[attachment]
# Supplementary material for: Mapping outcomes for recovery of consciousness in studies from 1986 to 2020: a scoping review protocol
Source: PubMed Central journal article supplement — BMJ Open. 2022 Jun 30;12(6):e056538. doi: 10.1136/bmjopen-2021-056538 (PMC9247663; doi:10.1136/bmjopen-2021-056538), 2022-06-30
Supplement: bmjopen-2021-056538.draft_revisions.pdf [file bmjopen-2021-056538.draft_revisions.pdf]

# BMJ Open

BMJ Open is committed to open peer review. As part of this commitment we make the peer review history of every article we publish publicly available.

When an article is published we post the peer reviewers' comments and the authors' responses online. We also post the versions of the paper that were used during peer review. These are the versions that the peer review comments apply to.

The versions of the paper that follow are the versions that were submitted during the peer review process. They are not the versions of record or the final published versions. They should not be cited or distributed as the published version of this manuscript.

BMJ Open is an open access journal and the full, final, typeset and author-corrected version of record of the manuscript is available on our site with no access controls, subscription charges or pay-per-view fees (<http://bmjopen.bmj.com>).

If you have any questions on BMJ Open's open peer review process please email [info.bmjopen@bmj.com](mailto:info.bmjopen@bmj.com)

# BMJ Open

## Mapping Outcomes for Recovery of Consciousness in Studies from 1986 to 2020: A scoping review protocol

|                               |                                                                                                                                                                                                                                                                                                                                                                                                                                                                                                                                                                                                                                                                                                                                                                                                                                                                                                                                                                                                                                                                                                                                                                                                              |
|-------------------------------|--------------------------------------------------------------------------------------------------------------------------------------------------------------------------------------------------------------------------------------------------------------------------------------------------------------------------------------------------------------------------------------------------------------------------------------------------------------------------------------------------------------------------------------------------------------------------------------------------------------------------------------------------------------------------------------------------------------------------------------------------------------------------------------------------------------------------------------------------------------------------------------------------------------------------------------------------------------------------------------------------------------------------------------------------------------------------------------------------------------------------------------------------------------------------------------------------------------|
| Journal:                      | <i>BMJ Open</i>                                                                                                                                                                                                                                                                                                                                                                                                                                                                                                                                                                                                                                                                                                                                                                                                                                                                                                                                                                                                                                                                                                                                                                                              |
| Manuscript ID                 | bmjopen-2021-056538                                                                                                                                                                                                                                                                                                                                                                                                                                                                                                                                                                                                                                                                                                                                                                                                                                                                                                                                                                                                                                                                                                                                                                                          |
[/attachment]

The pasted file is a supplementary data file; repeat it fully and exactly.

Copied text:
# Supplementary material for: Mapping outcomes for recovery of consciousness in studies from 1986 to 2020: a scoping review protocol
Source: PubMed Central journal article supplement — BMJ Open. 2022 Jun 30;12(6):e056538. doi: 10.1136/bmjopen-2021-056538 (PMC9247663; doi:10.1136/bmjopen-2021-056538), 2022-06-30
Supplement: bmjopen-2021-056538.draft_revisions.pdf [file bmjopen-2021-056538.draft_revisions.pdf]

# BMJ Open

BMJ Open is committed to open peer review. As part of this commitment we make the peer review history of every article we publish publicly available.

When an article is published we post the peer reviewers' comments and the authors' responses online. We also post the versions of the paper that were used during peer review. These are the versions that the peer review comments apply to.

The versions of the paper that follow are the versions that were submitted during the peer review process. They are not the versions of record or the final published versions. They should not be cited or distributed as the published version of this manuscript.

BMJ Open is an open access journal and the full, final, typeset and author-corrected version of record of the manuscript is available on our site with no access controls, subscription charges or pay-per-view fees (<http://bmjopen.bmj.com>).

If you have any questions on BMJ Open's open peer review process please email [info.bmjopen@bmj.com](mailto:info.bmjopen@bmj.com)

# BMJ Open

## Mapping Outcomes for Recovery of Consciousness in Studies from 1986 to 2020: A scoping review protocol

|                               |                                                                                                                                                                                                                                                                                                                                                                                                                                                                                                                                                                                                                                                                                                                                                                                                                                                                                                                                                                                                                                                                                                                                                                                                              |
|-------------------------------|--------------------------------------------------------------------------------------------------------------------------------------------------------------------------------------------------------------------------------------------------------------------------------------------------------------------------------------------------------------------------------------------------------------------------------------------------------------------------------------------------------------------------------------------------------------------------------------------------------------------------------------------------------------------------------------------------------------------------------------------------------------------------------------------------------------------------------------------------------------------------------------------------------------------------------------------------------------------------------------------------------------------------------------------------------------------------------------------------------------------------------------------------------------------------------------------------------------|
| Journal:                      | <i>BMJ Open</i>                                                                                                                                                                                                                                                                                                                                                                                                                                                                                                                                                                                                                                                                                                                                                                                                                                                                                                                                                                                                                                                                                                                                                                                              |
| Manuscript ID                 | bmjopen-2021-056538                                                                                                                                                                                                                                                                                                                                                                                                                                                                                                                                                                                                                                                                                                                                                                                                                                                                                                                                                                                                                                                                                                                                                                                          |